Online Poker In Ireland
Since the online poker market isn’t regulated right now in Ireland, there isn’t any taxation on it at all, although it’s true that players do pay a tax of sorts as the poker sites they play on do pay tax in the jurisdictions they reside in, and this does end up getting passed down to players in terms of the rake, although it’s not really a substantial amount and the locales of these poker rooms are chosen specifically to limit taxation.
So Ireland’s scheme isn’t looking to do too much here, they are not greedy when it comes to land based gambling taxation and they aren’t looking to be when it comes to online poker as well, and are only proposing a 1% tax on online poker, which seems pretty reasonable.
Of course online poker sites prefer to pay no additional tax at all so they are fighting all of this. The 1% rate is on gross gambling though so it’s not quite as small as it may appear, even though its less than is charged in some other countries.
How this would work is that if a player pays 5% of pots to rake, this would end up bringing the rake rate up to 6% if the entire amount were passed along to them, which is significant but not overly so.
The Irish government has been working on this since 2013, by way of a bill presented to the Irish parliament, and they are still working on it in 2015, and part of the concern here has to do with how this will all fit into the EU rules on free trade and how they have viewed licensing of gambling in other countries. (4)
This new legislation will not seek to segregate Irish players, something that is particularly important when it comes to poker although it really doesn’t make any real difference to other forms of gambling, so they are to be commended for that, and therefore the scheme may end up being workable, and in a country the size of Ireland, a segregated market likely would not work very well at all, since the poker market would not be able to compete with the larger sites and few poker players would therefore want to play on Irish sites.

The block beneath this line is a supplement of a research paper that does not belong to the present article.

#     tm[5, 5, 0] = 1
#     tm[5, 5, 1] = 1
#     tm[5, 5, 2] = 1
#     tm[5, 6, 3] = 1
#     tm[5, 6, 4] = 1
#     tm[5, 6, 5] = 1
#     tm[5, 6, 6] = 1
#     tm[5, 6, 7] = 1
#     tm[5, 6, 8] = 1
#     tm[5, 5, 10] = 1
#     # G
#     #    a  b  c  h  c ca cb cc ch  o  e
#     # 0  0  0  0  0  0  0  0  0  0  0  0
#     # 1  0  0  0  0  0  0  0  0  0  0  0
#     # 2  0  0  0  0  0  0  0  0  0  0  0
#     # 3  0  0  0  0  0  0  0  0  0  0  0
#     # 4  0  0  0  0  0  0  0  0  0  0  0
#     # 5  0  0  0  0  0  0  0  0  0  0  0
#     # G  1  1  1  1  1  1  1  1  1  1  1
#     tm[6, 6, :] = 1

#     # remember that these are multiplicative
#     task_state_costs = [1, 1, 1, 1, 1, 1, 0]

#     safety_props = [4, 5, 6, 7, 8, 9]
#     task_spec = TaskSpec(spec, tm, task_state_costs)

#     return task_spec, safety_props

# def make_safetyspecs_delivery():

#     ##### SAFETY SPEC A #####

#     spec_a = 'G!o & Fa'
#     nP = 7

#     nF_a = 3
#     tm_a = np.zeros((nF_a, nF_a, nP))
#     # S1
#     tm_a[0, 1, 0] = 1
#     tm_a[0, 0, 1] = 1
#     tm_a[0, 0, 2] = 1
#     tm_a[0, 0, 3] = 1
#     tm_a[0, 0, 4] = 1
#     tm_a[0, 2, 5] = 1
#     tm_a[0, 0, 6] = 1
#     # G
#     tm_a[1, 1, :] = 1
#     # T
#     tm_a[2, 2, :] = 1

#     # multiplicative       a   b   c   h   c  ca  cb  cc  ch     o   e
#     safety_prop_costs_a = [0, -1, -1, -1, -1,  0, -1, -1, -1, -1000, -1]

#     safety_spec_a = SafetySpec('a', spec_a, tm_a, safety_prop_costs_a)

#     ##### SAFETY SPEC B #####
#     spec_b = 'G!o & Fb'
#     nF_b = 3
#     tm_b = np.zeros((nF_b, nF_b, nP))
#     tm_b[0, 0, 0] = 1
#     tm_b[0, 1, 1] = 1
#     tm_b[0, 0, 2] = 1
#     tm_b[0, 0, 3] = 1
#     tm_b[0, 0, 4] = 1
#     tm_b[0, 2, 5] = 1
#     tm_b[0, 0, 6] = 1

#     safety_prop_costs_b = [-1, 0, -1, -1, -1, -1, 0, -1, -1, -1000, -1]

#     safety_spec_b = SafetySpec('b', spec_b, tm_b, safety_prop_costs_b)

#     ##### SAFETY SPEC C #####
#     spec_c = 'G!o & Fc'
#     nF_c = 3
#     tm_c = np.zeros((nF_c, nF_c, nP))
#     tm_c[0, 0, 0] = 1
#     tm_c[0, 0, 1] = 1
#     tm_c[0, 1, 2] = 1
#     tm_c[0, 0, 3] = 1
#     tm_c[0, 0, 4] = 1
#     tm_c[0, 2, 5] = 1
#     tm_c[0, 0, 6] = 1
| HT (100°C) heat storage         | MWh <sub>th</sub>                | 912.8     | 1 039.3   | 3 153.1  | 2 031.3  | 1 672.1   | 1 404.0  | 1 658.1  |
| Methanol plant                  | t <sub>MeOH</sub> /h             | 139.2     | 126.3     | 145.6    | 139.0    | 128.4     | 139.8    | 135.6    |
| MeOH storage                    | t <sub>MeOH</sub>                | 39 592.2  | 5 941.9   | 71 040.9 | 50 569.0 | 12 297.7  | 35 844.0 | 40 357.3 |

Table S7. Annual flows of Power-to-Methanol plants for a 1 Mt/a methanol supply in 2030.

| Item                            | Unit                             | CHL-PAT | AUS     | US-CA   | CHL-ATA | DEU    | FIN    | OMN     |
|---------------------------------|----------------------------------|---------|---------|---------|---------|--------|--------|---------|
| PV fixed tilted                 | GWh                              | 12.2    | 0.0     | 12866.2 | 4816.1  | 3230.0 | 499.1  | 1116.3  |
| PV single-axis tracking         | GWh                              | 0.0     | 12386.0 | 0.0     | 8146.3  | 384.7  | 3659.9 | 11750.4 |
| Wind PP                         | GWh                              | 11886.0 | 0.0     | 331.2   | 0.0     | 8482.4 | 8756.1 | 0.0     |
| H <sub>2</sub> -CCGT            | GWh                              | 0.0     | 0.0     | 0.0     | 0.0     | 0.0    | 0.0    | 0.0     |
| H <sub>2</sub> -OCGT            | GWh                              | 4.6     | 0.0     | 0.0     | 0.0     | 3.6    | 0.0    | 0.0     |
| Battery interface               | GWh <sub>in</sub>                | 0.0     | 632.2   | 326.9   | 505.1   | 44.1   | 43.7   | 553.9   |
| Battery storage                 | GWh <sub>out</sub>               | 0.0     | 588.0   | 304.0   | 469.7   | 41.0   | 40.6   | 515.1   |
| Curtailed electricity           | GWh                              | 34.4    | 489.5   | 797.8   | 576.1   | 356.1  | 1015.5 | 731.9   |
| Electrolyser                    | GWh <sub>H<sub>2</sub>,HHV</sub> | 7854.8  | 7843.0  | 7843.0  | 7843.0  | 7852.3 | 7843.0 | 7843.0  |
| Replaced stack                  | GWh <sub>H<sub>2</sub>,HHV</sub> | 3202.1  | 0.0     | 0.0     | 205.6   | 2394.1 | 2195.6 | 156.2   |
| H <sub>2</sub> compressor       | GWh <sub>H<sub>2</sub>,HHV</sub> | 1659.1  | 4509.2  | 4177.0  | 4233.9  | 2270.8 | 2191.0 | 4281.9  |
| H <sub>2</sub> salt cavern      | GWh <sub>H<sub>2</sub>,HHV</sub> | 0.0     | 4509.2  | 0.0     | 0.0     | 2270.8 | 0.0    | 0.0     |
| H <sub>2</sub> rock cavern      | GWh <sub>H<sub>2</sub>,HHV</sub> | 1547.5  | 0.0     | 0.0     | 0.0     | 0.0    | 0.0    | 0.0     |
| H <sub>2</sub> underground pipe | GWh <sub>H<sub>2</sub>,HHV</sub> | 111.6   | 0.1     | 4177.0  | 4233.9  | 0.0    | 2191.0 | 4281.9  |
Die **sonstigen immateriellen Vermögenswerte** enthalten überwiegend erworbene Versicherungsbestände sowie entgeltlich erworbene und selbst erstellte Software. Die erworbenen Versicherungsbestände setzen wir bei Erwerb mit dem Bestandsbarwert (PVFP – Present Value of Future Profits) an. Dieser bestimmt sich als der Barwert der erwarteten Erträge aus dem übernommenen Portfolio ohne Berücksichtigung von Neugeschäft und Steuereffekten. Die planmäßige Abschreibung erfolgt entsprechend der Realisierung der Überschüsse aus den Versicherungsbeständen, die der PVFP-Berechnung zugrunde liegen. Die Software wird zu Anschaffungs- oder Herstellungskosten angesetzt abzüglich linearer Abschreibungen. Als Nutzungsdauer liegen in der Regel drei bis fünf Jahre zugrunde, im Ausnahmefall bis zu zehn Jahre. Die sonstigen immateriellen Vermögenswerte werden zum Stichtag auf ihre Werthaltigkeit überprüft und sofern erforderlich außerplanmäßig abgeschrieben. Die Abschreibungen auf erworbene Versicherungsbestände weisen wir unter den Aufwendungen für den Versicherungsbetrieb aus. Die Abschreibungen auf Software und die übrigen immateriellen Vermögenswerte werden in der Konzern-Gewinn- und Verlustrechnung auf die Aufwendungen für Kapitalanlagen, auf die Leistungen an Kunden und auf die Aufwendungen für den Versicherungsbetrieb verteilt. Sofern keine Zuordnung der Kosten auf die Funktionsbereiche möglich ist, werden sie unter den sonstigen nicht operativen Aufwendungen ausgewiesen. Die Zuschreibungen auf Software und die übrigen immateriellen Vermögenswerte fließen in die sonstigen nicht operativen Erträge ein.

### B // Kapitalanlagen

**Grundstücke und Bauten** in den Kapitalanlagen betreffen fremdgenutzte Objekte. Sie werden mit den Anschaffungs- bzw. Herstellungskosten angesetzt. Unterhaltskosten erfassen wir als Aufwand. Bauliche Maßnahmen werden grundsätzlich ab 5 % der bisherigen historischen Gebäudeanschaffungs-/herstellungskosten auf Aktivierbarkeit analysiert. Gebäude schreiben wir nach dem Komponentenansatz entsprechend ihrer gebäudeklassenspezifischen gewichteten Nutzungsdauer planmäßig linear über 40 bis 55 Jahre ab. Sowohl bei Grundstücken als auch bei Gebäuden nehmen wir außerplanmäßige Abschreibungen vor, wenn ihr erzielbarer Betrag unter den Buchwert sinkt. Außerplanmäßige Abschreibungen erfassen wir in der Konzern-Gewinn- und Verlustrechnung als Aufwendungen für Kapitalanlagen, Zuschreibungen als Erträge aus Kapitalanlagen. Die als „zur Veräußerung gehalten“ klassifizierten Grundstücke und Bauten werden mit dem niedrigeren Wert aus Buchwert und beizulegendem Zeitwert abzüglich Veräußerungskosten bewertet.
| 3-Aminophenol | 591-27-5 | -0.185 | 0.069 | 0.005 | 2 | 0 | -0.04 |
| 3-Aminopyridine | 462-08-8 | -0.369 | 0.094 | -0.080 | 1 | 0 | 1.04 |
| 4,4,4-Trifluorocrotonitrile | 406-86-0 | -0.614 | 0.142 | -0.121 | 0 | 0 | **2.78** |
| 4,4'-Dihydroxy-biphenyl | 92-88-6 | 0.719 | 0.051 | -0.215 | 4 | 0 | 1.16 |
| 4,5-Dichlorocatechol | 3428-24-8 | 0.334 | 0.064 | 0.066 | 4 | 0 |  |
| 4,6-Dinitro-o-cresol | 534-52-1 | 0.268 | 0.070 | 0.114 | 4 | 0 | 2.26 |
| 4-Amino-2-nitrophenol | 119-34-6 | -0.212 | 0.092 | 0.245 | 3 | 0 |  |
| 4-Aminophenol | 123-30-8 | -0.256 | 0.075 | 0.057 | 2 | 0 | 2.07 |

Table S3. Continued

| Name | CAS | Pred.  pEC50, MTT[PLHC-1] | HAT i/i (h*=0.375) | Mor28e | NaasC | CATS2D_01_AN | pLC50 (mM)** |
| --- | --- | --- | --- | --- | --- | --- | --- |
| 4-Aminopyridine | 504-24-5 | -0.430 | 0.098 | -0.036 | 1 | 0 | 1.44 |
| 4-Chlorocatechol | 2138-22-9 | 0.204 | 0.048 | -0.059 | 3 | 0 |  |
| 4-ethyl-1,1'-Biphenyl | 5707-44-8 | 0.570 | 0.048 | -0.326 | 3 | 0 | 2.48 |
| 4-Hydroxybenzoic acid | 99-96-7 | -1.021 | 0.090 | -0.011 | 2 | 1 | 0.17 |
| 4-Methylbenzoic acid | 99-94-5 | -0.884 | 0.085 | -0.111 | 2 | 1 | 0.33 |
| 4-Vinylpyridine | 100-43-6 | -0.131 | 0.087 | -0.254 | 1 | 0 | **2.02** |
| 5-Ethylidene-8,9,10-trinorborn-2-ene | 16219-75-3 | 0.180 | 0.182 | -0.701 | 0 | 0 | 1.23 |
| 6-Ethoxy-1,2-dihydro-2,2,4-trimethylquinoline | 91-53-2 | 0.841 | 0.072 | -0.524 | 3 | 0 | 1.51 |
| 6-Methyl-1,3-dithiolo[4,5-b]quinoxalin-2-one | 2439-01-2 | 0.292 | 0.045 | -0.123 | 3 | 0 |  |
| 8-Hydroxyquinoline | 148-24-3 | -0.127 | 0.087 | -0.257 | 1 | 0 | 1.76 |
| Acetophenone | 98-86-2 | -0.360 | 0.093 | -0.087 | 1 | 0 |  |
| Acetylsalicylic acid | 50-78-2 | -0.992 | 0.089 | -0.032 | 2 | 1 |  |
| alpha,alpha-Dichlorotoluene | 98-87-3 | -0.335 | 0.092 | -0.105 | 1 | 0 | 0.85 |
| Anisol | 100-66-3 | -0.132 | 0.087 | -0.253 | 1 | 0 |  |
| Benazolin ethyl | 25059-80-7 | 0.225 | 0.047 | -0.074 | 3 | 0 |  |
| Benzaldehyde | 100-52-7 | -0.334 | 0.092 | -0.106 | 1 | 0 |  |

While some feel that this would be difficult to pull off, we can look to some other countries who have recently put into practice such a scheme and this at least has the appearance of complying with EU regulations, although the whole story on that won’t be told until down the road when we see if these regulatory schemes end up being challenged. The feeling though is that they won’t and therefore it is possible for countries to have non segregated online poker and still be in compliance with the EU.
So what this comes down to for Irish poker players is seeing, at some point, certain online poker sites receiving an Irish license and paying a small tax to the Irish government based upon the bets of their Irish players, but right now there are no such requirements so it’s just business as usual for now.
(3) Paddy Power